By Andreas Rinke
BERLIN (Reuters) – Interior Minister Horst Seehofer has thrown his weight behind a proposal to reform Germany’s telecommunications law to toughen security requirements on foreign network vendors, the RND group of newspapers reported on Tuesday.
Seehofer’s intervention increases the likelihood that Germany will tighten oversight over Huawei Technologies , sidestepping pressure from the United States to exclude the Chinese company from its market.
Government and industry leaders want clarity on the ground rules before Germany embarks on the buildout of next-generation 5G mobile networks by auctioning spectrum in late March.
Citing participants at a meeting of conservatives and Social Democrats, who rule together in a grand coalition, RND said Seehofer’s aim was to better control Huawei – and not to ban it.
The best way to achieve this would be by amending an article in Germany’s Telecommunications Act that addresses security. This would apply to all vendors and should not be viewed as a direct response to Huawei, coalition sources told RND.
Seehofer’s view is key, because his ministry oversees the BSI cybersecurity agency that is drafting a catalog of proposed security steps together with the Federal Network Regulator that will oversee the spectrum auction.
Officials are also concerned that, should a decision ultimately be taken to block Huawei, there would need to be a sound legal basis to do so.
Consultations are continuing, a senior government source told Reuters earlier on Tuesday, and a final decision on whether to let Chinese firms participate in 5G is unlikely within the next two weeks.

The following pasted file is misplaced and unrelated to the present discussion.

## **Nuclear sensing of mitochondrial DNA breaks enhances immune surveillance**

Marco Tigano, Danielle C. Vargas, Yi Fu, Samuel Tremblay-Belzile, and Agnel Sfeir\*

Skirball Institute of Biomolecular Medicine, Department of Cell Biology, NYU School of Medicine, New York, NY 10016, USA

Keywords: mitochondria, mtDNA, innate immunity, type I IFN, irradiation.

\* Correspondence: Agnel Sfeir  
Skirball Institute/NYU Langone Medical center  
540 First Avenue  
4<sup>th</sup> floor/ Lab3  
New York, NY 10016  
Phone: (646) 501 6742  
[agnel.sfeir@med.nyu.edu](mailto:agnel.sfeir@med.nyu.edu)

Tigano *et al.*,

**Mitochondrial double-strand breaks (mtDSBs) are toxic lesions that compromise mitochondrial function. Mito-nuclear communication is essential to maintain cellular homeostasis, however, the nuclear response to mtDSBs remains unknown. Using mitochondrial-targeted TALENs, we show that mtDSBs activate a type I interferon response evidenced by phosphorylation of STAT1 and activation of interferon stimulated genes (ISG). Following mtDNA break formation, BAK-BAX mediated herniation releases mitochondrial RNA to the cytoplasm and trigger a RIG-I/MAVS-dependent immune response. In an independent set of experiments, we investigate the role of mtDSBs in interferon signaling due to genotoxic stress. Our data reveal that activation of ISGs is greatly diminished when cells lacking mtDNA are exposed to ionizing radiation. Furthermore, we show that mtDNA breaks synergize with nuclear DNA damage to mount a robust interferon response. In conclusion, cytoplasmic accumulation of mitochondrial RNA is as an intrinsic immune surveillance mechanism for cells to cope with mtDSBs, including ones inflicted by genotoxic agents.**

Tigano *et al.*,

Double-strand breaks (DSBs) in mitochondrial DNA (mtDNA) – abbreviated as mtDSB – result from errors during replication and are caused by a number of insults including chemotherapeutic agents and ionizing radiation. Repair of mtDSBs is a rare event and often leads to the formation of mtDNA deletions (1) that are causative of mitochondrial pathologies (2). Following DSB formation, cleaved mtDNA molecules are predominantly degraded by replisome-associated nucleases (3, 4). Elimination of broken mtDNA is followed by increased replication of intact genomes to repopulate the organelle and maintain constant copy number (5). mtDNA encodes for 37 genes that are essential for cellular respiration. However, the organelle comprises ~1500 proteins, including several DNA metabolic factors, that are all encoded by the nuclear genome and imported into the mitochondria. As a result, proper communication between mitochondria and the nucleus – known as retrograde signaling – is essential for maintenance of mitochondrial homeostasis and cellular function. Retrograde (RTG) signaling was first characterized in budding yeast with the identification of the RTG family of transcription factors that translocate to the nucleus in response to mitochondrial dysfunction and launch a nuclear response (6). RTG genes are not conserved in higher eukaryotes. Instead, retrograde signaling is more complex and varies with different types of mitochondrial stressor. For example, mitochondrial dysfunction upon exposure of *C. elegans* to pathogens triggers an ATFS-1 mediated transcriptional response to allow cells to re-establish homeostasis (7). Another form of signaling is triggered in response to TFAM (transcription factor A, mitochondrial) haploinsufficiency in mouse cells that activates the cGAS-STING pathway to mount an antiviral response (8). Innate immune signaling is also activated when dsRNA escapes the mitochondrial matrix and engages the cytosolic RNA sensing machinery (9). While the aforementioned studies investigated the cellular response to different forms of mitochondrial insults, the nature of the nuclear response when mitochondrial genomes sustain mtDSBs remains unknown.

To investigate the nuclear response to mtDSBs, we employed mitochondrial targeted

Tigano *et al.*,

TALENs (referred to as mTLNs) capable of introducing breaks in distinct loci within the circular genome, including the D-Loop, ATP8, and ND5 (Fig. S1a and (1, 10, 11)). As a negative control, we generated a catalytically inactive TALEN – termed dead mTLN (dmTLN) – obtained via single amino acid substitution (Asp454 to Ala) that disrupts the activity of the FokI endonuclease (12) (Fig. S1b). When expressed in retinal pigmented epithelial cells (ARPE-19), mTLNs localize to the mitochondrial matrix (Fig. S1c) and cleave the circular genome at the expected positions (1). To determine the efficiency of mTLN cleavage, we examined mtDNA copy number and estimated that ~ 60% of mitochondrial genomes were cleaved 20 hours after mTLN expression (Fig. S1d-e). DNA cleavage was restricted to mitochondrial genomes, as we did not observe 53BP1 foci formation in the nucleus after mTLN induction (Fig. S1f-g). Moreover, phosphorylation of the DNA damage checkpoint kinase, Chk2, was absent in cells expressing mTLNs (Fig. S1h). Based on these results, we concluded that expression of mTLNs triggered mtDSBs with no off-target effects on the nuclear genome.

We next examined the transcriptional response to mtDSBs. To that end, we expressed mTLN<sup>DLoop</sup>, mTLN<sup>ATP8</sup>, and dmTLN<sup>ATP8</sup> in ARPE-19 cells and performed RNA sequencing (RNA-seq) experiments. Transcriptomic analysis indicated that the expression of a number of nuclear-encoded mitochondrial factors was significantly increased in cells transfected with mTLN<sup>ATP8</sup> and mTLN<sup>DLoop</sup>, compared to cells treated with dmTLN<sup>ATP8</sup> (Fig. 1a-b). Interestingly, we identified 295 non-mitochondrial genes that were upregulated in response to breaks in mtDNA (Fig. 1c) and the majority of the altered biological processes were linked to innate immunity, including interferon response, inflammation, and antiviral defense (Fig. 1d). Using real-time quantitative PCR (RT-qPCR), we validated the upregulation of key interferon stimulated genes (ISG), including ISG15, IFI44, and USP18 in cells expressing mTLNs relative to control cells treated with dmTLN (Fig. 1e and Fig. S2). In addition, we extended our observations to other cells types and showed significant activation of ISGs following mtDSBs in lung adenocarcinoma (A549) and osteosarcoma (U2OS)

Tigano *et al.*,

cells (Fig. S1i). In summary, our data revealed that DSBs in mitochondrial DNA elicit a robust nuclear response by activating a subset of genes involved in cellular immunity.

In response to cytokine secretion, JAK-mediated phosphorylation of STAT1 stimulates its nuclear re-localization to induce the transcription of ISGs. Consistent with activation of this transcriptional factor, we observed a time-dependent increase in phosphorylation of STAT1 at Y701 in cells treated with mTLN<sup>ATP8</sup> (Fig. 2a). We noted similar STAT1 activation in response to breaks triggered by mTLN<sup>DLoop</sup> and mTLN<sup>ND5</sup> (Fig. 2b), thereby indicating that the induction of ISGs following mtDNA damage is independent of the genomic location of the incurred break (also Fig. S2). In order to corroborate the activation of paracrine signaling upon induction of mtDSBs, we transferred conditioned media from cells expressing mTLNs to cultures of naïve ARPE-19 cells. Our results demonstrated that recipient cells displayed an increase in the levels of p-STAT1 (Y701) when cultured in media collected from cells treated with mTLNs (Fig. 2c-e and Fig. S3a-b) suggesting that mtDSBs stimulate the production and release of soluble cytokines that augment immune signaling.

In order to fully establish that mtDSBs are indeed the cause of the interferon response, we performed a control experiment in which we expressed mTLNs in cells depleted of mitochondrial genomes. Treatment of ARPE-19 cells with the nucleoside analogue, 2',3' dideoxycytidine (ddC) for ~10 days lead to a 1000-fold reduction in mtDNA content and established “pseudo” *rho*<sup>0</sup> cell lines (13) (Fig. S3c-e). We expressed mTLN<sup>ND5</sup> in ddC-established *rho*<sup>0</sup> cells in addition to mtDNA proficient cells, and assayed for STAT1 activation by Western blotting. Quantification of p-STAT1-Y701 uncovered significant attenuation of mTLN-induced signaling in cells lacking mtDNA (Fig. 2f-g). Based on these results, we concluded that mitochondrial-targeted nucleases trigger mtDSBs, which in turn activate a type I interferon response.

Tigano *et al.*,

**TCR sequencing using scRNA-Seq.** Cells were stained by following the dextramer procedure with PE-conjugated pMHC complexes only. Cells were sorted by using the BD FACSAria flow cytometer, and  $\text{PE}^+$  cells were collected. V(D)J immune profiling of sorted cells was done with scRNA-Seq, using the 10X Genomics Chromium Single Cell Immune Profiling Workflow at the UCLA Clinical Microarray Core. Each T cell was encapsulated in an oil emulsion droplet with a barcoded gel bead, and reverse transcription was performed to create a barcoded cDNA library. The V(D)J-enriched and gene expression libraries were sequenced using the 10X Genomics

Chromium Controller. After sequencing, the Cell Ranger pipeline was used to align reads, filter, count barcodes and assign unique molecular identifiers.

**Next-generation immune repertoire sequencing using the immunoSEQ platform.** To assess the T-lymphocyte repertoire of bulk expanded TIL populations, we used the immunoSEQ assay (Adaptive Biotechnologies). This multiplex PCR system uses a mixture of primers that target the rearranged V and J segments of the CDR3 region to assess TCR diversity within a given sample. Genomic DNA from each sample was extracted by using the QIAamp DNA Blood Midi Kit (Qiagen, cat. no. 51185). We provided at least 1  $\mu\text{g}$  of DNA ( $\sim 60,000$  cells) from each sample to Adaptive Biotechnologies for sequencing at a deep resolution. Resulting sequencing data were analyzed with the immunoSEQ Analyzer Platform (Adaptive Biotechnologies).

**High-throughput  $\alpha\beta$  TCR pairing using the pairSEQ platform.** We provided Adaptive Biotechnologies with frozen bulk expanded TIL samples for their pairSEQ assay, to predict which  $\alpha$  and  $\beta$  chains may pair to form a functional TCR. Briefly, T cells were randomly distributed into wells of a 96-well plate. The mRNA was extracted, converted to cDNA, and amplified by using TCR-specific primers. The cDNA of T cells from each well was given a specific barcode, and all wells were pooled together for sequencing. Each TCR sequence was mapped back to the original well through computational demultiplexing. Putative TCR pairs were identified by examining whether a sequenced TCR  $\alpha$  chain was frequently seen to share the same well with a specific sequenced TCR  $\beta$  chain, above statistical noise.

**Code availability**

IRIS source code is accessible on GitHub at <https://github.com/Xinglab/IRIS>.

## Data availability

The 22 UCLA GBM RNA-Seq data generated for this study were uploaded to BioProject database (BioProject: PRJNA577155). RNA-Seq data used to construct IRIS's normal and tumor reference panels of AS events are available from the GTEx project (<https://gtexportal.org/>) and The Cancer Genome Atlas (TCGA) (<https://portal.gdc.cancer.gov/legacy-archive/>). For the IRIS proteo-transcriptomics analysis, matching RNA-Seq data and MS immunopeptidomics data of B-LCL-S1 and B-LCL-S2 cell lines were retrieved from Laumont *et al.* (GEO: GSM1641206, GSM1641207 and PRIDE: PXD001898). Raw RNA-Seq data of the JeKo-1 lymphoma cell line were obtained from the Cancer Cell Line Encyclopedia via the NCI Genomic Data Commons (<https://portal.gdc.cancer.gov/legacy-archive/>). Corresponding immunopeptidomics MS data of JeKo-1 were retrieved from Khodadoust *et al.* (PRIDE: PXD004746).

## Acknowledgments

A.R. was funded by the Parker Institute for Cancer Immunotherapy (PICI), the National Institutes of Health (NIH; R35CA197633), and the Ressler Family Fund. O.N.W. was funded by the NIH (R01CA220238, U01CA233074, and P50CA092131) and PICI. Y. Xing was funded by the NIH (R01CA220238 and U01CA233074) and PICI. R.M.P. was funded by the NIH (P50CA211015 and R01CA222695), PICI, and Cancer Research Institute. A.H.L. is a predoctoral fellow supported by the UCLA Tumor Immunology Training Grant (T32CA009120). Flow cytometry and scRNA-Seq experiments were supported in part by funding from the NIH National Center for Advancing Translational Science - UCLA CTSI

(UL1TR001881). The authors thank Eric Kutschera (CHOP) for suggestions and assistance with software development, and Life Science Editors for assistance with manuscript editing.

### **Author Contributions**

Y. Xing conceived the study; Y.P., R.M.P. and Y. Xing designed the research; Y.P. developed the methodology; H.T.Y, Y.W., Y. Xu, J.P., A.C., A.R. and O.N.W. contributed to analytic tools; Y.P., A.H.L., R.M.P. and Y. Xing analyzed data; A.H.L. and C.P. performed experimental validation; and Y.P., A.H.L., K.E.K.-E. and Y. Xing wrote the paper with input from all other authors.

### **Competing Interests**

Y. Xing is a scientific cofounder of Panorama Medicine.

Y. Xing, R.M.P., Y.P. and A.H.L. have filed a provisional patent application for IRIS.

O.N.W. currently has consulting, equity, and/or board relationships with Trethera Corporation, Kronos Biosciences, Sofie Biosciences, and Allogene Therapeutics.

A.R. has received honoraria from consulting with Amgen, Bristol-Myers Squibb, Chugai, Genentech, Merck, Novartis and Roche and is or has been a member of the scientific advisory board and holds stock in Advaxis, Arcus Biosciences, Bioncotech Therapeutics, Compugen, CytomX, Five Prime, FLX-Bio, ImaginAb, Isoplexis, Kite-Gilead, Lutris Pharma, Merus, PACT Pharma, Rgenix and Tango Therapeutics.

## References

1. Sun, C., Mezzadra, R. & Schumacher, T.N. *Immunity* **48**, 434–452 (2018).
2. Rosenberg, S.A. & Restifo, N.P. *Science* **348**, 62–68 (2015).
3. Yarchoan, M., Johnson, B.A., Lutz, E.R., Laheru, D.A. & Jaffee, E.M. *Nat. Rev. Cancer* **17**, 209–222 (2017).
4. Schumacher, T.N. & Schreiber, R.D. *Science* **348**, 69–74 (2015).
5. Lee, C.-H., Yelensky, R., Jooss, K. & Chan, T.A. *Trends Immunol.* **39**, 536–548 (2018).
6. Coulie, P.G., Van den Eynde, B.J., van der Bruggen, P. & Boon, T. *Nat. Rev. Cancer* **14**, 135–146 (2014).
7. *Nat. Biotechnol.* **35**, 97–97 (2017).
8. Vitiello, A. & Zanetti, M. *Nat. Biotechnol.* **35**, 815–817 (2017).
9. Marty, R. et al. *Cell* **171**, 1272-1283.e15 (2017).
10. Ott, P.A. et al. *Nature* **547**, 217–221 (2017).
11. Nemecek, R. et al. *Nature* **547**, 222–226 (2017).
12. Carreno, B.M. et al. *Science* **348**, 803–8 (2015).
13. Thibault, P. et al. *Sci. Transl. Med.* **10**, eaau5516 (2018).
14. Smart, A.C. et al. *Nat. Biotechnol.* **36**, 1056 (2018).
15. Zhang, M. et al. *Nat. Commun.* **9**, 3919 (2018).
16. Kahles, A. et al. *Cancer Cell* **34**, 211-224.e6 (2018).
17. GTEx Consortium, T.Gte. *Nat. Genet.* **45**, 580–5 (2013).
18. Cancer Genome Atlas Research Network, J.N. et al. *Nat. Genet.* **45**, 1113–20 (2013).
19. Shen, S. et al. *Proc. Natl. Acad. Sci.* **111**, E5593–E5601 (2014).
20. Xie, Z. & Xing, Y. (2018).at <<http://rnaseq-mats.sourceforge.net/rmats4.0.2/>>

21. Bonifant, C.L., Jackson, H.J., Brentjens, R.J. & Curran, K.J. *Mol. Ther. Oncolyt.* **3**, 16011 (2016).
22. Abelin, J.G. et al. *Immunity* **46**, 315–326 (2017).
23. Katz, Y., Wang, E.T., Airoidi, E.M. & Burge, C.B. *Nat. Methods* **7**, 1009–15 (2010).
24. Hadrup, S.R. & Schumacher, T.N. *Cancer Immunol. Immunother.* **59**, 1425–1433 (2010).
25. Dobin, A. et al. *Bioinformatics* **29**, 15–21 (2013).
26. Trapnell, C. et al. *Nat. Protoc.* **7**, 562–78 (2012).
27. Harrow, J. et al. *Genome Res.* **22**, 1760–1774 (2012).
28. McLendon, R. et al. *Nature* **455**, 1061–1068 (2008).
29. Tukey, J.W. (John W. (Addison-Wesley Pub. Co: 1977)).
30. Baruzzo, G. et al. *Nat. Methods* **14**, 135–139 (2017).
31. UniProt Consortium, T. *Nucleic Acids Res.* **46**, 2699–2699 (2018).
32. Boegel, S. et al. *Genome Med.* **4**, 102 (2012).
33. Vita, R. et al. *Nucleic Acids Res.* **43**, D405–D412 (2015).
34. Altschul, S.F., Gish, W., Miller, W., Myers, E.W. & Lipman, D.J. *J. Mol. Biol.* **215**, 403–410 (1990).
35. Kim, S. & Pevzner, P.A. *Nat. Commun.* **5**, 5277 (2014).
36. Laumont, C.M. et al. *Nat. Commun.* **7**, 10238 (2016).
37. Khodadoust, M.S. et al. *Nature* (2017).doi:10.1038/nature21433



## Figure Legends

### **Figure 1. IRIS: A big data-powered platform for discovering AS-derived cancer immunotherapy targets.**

Work still needs to be done to address costs, feasibility and security measures, said the source, pushing back against reports in the German business press that officials had hammered out a common approach.
Chancellor Angela Merkel has said Germany needs guarantees that Huawei would not hand data to the Chinese state before it can take part in building fifth-generation networks that would link everything from vehicles to factories at far greater speeds.
Such a no-spy pledge would come in addition to a catalog of security measures toughening certification procedures to minimize the risk that network equipment comes fitted with ‘back doors’ that would expose it to cyber espionage.
Huawei, the global networks market leader with annual sales exceeding $100 billion, faces international scrutiny over its ties with the Chinese government and suspicion Beijing could use its technology for spying, which the company denies.
U.S. Secretary of State Mike Pompeo drove home that message in Budapest on Monday, cautioning allies in central Europe that deploying equipment from Huawei would make it more difficult for Washington “to partner alongside them”.
Germany’s three telecoms operators – Deutsche Telekom (DE:), Vodafone (LON:) and Telefonica (MC:) Deutschland – use Huawei equipment in their networks and have warned that curbing their choice of vendors could be costly.
Deutsche Telekom has, for its part, proposed a series of measures to safeguard security, including setting up an independent laboratory to scrutinize equipment used in critical infrastructure before it is deployed in the field.
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